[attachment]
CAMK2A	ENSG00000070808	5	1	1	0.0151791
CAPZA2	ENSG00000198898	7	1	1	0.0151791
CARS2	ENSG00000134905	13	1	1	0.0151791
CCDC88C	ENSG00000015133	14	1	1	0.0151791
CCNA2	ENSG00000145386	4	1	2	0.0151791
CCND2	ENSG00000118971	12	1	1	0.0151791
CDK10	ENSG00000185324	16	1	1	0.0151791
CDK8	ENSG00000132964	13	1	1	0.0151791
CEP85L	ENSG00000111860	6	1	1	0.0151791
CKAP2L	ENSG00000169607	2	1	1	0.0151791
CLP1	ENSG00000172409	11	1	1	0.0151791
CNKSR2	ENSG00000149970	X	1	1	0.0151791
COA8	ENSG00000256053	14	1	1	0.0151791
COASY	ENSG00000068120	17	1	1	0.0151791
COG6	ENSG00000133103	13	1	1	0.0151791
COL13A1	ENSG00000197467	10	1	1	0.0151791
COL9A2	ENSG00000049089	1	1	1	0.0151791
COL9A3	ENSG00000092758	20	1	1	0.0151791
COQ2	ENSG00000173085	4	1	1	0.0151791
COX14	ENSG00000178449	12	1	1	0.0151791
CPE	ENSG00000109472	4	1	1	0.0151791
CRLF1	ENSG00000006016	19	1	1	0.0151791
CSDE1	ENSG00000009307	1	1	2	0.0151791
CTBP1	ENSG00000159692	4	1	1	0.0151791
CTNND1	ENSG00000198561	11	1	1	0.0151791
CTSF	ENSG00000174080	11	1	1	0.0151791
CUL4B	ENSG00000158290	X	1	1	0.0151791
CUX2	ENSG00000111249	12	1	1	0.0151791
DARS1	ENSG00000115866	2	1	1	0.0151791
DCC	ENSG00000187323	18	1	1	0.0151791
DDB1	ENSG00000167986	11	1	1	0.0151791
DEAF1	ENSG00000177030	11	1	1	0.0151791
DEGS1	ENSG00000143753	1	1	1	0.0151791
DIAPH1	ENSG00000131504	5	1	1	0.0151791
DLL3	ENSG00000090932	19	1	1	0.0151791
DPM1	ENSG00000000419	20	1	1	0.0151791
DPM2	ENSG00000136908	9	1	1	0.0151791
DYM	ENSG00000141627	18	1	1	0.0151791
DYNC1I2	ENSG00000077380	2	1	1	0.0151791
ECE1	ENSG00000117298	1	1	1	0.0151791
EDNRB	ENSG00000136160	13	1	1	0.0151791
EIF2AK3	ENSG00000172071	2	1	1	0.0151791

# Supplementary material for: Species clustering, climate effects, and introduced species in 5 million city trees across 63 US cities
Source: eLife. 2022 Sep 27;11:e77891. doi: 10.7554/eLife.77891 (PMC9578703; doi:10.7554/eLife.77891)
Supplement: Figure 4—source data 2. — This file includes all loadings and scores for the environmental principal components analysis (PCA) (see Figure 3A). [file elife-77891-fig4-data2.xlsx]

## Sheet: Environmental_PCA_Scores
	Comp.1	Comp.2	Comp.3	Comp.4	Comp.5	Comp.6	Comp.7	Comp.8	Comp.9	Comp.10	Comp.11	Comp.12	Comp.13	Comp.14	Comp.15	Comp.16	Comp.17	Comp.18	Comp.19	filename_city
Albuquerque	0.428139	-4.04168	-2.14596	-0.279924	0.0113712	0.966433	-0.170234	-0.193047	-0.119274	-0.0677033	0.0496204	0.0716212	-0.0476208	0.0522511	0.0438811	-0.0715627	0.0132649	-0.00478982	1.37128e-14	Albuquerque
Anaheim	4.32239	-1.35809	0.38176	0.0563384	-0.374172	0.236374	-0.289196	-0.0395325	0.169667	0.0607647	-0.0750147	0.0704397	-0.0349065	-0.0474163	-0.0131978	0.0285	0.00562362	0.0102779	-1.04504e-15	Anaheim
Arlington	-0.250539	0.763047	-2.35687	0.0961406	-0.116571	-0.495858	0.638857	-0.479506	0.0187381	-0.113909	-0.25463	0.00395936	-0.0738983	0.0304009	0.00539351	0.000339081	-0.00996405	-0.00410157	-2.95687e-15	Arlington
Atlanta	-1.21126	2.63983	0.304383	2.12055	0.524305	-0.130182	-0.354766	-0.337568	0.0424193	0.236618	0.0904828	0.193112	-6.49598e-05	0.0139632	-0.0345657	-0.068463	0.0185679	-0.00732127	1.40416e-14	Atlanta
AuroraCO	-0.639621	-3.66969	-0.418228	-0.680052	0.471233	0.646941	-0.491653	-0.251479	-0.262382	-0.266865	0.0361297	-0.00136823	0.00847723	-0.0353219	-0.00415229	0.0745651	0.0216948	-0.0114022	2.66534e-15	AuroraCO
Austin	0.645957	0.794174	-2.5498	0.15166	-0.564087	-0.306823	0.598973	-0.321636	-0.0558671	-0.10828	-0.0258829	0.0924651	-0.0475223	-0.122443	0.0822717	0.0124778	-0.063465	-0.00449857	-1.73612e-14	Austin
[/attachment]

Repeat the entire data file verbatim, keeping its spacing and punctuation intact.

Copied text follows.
CAMK2A	ENSG00000070808	5	1	1	0.0151791
CAPZA2	ENSG00000198898	7	1	1	0.0151791
CARS2	ENSG00000134905	13	1	1	0.0151791
CCDC88C	ENSG00000015133	14	1	1	0.0151791
CCNA2	ENSG00000145386	4	1	2	0.0151791
CCND2	ENSG00000118971	12	1	1	0.0151791
CDK10	ENSG00000185324	16	1	1	0.0151791
CDK8	ENSG00000132964	13	1	1	0.0151791
CEP85L	ENSG00000111860	6	1	1	0.0151791
CKAP2L	ENSG00000169607	2	1	1	0.0151791
CLP1	ENSG00000172409	11	1	1	0.0151791
CNKSR2	ENSG00000149970	X	1	1	0.0151791
COA8	ENSG00000256053	14	1	1	0.0151791
COASY	ENSG00000068120	17	1	1	0.0151791
COG6	ENSG00000133103	13	1	1	0.0151791
COL13A1	ENSG00000197467	10	1	1	0.0151791
COL9A2	ENSG00000049089	1	1	1	0.0151791
COL9A3	ENSG00000092758	20	1	1	0.0151791
COQ2	ENSG00000173085	4	1	1	0.0151791
COX14	ENSG00000178449	12	1	1	0.0151791
CPE	ENSG00000109472	4	1	1	0.0151791
CRLF1	ENSG00000006016	19	1	1	0.0151791
CSDE1	ENSG00000009307	1	1	2	0.0151791
CTBP1	ENSG00000159692	4	1	1	0.0151791
CTNND1	ENSG00000198561	11	1	1	0.0151791
CTSF	ENSG00000174080	11	1	1	0.0151791
CUL4B	ENSG00000158290	X	1	1	0.0151791
CUX2	ENSG00000111249	12	1	1	0.0151791
DARS1	ENSG00000115866	2	1	1	0.0151791
DCC	ENSG00000187323	18	1	1	0.0151791
DDB1	ENSG00000167986	11	1	1	0.0151791
DEAF1	ENSG00000177030	11	1	1	0.0151791
DEGS1	ENSG00000143753	1	1	1	0.0151791
DIAPH1	ENSG00000131504	5	1	1	0.0151791
DLL3	ENSG00000090932	19	1	1	0.0151791
DPM1	ENSG00000000419	20	1	1	0.0151791
DPM2	ENSG00000136908	9	1	1	0.0151791
DYM	ENSG00000141627	18	1	1	0.0151791
DYNC1I2	ENSG00000077380	2	1	1	0.0151791
ECE1	ENSG00000117298	1	1	1	0.0151791
EDNRB	ENSG00000136160	13	1	1	0.0151791
EIF2AK3	ENSG00000172071	2	1	1	0.0151791

# Supplementary material for: Species clustering, climate effects, and introduced species in 5 million city trees across 63 US cities
Source: eLife. 2022 Sep 27;11:e77891. doi: 10.7554/eLife.77891 (PMC9578703; doi:10.7554/eLife.77891)
Supplement: Figure 4—source data 2. — This file includes all loadings and scores for the environmental principal components analysis (PCA) (see Figure 3A). [file elife-77891-fig4-data2.xlsx]

## Sheet: Environmental_PCA_Scores
	Comp.1	Comp.2	Comp.3	Comp.4	Comp.5	Comp.6	Comp.7	Comp.8	Comp.9	Comp.10	Comp.11	Comp.12	Comp.13	Comp.14	Comp.15	Comp.16	Comp.17	Comp.18	Comp.19	filename_city
Albuquerque	0.428139	-4.04168	-2.14596	-0.279924	0.0113712	0.966433	-0.170234	-0.193047	-0.119274	-0.0677033	0.0496204	0.0716212	-0.0476208	0.0522511	0.0438811	-0.0715627	0.0132649	-0.00478982	1.37128e-14	Albuquerque
Anaheim	4.32239	-1.35809	0.38176	0.0563384	-0.374172	0.236374	-0.289196	-0.0395325	0.169667	0.0607647	-0.0750147	0.0704397	-0.0349065	-0.0474163	-0.0131978	0.0285	0.00562362	0.0102779	-1.04504e-15	Anaheim
Arlington	-0.250539	0.763047	-2.35687	0.0961406	-0.116571	-0.495858	0.638857	-0.479506	0.0187381	-0.113909	-0.25463	0.00395936	-0.0738983	0.0304009	0.00539351	0.000339081	-0.00996405	-0.00410157	-2.95687e-15	Arlington
Atlanta	-1.21126	2.63983	0.304383	2.12055	0.524305	-0.130182	-0.354766	-0.337568	0.0424193	0.236618	0.0904828	0.193112	-6.49598e-05	0.0139632	-0.0345657	-0.068463	0.0185679	-0.00732127	1.40416e-14	Atlanta
AuroraCO	-0.639621	-3.66969	-0.418228	-0.680052	0.471233	0.646941	-0.491653	-0.251479	-0.262382	-0.266865	0.0361297	-0.00136823	0.00847723	-0.0353219	-0.00415229	0.0745651	0.0216948	-0.0114022	2.66534e-15	AuroraCO
Austin	0.645957	0.794174	-2.5498	0.15166	-0.564087	-0.306823	0.598973	-0.321636	-0.0558671	-0.10828	-0.0258829	0.0924651	-0.0475223	-0.122443	0.0822717	0.0124778	-0.063465	-0.00449857	-1.73612e-14	Austin